Municipal Bonds: Bonds issued by local bodies or municipal corporations for public infrastructure projects. The returns on such bonds are usually secured against tax or income from the project.
Based on Structure:
Zero-coupon bonds: There is no interest payment in zero-coupon bonds. These bonds are issued at a discount and difference between the discount and the face value is the return for the investor. For example, investors will pay Rs 90 for bond with face value of Rs 100. At maturity, the investor will get back Rs 100, with Rs 10 being the return.
Fixed rate bond: In such bonds the coupon or interest rate is fixed at the outset.
Floating rate bonds: The coupon on floating rate bond is linked to some benchmark. For example if a floating rate bond is benchmarked to MIBOR, the interest rate on the bond will be reset at periodic intervals based on the MIBOR.
Inflation-linked bonds: These bonds have coupon linked to inflation rate. These bonds act as hedge against rise in prices and interest rate will rise when inflation rises and falls when it falls.
Other type of bonds
Tax-saving bonds: They are mostly used for infrastructure projects and issued by government undertakings. The return from such bonds offers tax sops.
Sovereign gold bonds: These bonds have been introduced to discourage investment in physical gold. The bond offers a nominal interest and maturity value is linked to the prevailing gold price.
Secured and unsecured bonds: Bonds that are secured against certain assets of the company. Conversely, others are known as unsecured bonds.
Listed and unlisted bonds: Bonds that are listed for trading on exchanges are known as listed bonds. Conversely, other are called unlisted bonds.
Perpetual bonds: These bonds do not have any maturity date and hence the coupon is payable for perpetuity. Though these bonds can technically go till perpetuity, they normally have a "call option" which allows investors to redeem the bonds on the call date.
Convertible bonds: These bonds can be converted into equity shares at a predetermined time and price.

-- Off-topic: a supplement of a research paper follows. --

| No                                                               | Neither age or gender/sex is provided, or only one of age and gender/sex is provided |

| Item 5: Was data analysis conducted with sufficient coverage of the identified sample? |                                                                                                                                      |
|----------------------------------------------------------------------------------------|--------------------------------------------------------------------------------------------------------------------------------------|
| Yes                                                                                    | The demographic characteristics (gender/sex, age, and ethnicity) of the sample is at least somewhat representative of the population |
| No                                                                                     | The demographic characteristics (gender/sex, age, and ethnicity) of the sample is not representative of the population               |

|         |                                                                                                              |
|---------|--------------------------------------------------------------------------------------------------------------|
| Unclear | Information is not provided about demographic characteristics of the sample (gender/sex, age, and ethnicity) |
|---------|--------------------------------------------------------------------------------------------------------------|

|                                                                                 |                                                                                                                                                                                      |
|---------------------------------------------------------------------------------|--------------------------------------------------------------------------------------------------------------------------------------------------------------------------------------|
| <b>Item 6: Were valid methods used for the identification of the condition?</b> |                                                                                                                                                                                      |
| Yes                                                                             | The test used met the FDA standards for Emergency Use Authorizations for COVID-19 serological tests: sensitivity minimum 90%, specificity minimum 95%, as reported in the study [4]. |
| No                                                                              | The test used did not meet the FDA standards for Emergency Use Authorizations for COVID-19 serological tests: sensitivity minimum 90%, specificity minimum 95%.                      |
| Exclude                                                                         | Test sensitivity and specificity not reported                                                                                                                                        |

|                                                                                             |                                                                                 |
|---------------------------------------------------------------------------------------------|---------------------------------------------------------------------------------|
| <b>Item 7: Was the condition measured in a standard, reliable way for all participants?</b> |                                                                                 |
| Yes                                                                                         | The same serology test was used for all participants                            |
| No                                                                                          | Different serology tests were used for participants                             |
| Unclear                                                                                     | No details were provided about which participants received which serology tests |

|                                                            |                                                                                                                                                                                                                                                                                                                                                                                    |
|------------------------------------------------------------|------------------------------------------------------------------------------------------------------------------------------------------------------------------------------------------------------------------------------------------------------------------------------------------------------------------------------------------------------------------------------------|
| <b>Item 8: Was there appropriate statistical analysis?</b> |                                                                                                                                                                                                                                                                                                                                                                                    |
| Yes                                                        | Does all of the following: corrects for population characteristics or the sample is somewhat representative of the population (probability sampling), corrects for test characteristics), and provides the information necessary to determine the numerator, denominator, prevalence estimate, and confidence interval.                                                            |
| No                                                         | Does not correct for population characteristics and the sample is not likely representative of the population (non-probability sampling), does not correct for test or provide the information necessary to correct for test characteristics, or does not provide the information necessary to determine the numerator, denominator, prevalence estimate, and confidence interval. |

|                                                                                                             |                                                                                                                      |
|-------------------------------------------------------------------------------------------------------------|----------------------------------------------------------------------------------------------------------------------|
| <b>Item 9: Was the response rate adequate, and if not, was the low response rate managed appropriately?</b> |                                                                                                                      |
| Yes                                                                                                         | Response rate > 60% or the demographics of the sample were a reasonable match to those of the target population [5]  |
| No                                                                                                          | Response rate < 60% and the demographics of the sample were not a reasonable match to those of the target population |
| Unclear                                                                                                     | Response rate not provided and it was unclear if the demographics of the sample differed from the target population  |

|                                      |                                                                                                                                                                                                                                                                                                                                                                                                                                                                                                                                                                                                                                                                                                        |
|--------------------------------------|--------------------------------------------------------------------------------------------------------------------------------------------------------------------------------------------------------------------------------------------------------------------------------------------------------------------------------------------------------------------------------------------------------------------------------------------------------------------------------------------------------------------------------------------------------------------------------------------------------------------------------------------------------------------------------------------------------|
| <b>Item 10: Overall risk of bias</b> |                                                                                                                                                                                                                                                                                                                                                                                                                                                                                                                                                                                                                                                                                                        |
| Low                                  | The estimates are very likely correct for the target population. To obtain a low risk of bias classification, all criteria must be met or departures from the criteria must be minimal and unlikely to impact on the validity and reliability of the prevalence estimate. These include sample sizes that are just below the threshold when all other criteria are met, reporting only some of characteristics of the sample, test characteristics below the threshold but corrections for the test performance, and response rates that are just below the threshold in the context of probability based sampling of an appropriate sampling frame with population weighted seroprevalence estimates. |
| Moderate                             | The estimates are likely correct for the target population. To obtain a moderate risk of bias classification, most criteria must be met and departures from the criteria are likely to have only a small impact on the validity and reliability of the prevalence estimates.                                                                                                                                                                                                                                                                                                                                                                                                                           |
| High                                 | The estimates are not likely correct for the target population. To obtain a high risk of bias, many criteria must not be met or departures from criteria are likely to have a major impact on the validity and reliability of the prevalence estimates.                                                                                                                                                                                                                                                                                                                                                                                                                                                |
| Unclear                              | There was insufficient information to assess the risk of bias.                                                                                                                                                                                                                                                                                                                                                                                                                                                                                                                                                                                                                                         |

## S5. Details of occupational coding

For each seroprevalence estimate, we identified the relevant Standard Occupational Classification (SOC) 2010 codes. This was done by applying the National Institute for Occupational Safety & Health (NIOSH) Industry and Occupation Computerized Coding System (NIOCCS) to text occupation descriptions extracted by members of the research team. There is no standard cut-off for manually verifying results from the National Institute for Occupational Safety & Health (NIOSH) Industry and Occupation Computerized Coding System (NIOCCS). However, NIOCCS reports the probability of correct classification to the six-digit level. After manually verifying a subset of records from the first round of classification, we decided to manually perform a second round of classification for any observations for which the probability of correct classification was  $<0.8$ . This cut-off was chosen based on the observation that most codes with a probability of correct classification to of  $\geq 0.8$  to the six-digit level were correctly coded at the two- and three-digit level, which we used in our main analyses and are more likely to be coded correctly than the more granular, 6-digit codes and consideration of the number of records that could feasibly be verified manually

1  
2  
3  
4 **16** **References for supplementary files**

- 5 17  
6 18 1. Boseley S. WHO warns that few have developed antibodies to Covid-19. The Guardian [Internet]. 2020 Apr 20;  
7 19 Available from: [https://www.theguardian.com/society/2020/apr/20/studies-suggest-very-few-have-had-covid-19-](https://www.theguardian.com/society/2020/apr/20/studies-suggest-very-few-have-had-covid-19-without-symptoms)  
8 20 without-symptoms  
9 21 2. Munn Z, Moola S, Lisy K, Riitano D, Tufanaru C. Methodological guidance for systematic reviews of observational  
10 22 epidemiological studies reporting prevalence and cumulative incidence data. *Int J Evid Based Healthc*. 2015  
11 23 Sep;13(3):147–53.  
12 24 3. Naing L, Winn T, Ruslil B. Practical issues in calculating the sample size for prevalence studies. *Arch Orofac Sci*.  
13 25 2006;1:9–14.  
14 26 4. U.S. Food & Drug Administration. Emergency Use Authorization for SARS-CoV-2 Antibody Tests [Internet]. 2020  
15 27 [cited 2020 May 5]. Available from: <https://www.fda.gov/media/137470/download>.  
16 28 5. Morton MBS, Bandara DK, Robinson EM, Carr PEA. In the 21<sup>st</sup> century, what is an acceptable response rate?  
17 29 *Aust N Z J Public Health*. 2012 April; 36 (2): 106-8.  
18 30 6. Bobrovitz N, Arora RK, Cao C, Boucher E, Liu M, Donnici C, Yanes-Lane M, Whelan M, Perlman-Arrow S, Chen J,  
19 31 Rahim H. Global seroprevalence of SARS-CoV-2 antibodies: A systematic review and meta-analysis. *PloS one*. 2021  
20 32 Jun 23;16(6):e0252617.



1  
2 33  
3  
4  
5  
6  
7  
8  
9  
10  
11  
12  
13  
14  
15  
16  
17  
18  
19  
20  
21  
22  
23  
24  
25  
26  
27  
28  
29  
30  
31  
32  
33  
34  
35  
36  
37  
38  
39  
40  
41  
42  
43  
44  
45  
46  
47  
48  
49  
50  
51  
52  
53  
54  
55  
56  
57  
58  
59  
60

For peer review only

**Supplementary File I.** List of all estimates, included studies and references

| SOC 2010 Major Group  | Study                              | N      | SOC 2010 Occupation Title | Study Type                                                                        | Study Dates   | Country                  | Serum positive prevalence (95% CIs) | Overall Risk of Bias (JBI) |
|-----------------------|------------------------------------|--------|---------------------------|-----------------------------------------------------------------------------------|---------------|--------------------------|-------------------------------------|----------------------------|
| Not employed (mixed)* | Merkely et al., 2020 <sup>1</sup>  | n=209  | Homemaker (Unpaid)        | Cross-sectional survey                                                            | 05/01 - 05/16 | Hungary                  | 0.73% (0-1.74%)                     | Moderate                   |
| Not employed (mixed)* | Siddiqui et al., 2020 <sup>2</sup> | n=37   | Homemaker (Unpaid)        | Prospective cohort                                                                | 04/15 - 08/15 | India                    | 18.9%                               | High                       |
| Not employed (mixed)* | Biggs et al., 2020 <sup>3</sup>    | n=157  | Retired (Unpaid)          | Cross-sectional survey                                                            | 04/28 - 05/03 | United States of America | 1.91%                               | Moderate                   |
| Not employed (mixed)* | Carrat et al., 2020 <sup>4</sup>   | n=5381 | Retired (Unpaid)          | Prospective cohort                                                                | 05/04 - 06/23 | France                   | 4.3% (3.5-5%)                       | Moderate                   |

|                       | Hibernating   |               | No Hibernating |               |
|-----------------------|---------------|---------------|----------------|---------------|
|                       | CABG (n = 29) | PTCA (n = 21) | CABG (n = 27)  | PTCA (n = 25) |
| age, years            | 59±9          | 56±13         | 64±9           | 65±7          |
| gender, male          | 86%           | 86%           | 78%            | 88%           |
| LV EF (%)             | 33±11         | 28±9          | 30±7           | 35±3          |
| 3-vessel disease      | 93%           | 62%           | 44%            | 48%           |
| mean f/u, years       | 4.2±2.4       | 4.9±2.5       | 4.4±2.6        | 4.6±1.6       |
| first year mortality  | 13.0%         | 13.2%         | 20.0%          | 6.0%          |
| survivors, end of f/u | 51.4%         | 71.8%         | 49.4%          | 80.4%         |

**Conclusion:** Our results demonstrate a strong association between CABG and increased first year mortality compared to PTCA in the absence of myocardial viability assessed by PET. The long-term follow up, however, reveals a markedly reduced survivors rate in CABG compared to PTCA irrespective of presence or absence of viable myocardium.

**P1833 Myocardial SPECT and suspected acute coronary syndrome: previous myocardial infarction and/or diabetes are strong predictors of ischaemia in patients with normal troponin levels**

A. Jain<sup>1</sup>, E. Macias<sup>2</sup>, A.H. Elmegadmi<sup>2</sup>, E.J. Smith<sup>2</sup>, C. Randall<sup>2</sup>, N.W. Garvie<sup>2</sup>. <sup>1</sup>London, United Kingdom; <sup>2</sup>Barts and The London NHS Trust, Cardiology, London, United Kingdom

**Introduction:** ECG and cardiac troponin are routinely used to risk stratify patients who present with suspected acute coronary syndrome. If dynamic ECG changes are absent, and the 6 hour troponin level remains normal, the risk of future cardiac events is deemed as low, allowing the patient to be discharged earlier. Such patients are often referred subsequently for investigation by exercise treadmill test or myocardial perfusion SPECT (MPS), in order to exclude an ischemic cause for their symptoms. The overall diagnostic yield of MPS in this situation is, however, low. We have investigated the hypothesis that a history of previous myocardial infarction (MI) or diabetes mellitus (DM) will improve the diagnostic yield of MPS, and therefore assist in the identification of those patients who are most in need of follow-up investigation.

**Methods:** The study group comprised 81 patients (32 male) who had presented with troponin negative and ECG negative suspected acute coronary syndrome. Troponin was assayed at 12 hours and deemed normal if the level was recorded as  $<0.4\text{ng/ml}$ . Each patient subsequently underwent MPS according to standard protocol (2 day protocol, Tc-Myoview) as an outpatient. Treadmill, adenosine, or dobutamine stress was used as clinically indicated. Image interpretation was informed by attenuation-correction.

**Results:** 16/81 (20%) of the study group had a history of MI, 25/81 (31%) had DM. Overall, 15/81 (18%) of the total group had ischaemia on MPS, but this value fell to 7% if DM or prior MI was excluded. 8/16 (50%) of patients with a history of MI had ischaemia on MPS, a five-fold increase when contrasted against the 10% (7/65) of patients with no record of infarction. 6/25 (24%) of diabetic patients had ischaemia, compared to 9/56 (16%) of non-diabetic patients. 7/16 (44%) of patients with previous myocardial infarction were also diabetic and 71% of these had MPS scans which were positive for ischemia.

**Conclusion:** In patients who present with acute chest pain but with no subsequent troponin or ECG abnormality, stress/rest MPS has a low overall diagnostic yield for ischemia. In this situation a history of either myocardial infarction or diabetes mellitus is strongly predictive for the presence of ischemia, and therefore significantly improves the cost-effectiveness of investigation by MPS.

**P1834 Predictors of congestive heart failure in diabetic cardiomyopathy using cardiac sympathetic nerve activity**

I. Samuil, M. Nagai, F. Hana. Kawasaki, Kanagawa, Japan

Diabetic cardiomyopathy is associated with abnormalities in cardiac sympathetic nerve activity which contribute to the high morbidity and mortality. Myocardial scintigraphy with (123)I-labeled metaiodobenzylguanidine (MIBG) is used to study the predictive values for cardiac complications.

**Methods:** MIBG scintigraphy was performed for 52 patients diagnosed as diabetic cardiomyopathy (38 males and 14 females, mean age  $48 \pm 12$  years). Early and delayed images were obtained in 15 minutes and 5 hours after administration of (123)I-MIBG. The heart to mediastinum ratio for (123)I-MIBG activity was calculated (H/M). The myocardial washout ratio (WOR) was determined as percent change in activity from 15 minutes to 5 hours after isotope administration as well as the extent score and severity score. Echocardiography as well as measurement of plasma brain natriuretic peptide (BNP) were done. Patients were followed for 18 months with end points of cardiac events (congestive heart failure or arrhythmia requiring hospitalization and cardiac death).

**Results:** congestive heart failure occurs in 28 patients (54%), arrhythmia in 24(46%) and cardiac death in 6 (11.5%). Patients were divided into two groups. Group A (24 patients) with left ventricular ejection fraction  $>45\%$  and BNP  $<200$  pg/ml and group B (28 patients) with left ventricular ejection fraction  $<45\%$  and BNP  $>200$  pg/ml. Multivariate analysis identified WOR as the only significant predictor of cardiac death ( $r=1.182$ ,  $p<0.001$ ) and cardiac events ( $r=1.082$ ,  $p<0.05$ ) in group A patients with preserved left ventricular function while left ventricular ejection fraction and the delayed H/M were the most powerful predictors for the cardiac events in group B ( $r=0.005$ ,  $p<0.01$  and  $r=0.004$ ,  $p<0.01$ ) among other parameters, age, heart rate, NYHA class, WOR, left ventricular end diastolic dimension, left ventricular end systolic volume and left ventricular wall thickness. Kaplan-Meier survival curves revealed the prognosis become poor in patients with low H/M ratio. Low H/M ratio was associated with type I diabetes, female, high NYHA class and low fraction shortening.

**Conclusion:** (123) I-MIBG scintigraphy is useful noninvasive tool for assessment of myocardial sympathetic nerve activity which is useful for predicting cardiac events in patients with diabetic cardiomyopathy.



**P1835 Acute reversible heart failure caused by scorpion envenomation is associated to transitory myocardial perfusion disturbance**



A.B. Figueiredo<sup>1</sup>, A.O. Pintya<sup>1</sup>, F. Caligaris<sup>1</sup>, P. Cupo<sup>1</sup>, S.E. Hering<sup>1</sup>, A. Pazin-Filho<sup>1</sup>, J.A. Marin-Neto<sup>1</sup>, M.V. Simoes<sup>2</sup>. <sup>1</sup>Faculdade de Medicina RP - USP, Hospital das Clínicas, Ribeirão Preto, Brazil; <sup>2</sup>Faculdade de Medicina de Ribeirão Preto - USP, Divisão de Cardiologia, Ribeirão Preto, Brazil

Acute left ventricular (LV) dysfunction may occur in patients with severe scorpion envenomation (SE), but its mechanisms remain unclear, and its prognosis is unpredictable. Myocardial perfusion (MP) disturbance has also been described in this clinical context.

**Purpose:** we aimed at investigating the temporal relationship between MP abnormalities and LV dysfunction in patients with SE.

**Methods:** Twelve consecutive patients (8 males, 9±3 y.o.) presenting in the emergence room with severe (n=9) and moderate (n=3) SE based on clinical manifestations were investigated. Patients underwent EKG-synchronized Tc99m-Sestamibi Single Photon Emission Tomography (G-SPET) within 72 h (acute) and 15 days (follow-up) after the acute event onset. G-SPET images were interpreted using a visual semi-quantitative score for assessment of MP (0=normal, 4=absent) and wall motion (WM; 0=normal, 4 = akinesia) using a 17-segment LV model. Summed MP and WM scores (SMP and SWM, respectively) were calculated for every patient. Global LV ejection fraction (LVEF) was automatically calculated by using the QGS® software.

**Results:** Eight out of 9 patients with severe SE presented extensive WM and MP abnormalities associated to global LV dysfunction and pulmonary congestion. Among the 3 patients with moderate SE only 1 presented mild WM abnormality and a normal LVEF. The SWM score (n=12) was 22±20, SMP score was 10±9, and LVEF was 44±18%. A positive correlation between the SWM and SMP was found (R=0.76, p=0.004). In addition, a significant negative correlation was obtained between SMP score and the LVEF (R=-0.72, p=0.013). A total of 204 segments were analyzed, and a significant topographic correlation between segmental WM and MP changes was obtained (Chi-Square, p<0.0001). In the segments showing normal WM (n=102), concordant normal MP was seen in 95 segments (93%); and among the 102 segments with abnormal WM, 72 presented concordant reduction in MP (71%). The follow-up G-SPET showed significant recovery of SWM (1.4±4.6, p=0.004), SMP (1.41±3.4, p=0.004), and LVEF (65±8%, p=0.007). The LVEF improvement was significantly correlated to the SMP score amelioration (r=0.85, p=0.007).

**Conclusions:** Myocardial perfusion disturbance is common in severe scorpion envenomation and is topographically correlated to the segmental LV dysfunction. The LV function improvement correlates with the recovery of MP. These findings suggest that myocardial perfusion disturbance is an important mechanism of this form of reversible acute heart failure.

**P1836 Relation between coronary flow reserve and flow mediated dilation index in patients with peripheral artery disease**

Green bonds: Bonds that use the proceeds only for projects that help fight climate change.
Masala Bonds: Bonds issued abroad but denominated in Indian currency.
Foreign currency convertible bonds: Bonds issued in currency other than the issuer’s home currency and convertible into shares at a later date.
Advantages and disadvantages of bond investment
Like any other investment bonds, too, have their pros and cons. Let’s look at some of them
- Investor gets assured fixed return in timely manner
- The return from bonds is usually higher than fixed deposit in PSU banks
- Many bonds can be sold in secondary market
- Bonds are less volatile than stocks
- Bonds act as hedge against other risky investments
- Price of bonds rise when interest rates in the economy fall
- If inflation runs high it can eat into the return from bonds
- The secondary corporate bonds market is not deep in India, meaning it may not be easy to sell such securities easily. However, this is not true for government bonds that have high secondary market activity.
- Bonds are not 100% safe. A company and even some sovereign can go into default.
An investor allocates money according to risk appetite and desired return. Bonds are less risky than many other modes of investment, except bank deposits. They also offer slightly higher return than bank deposits and steady income till maturity. Bonds help to diversify an investor's portfolio.
But as the saying goes, don’t put all the eggs in one basket. Even among bonds, an investor should spread the risk with bonds of different ratings and types.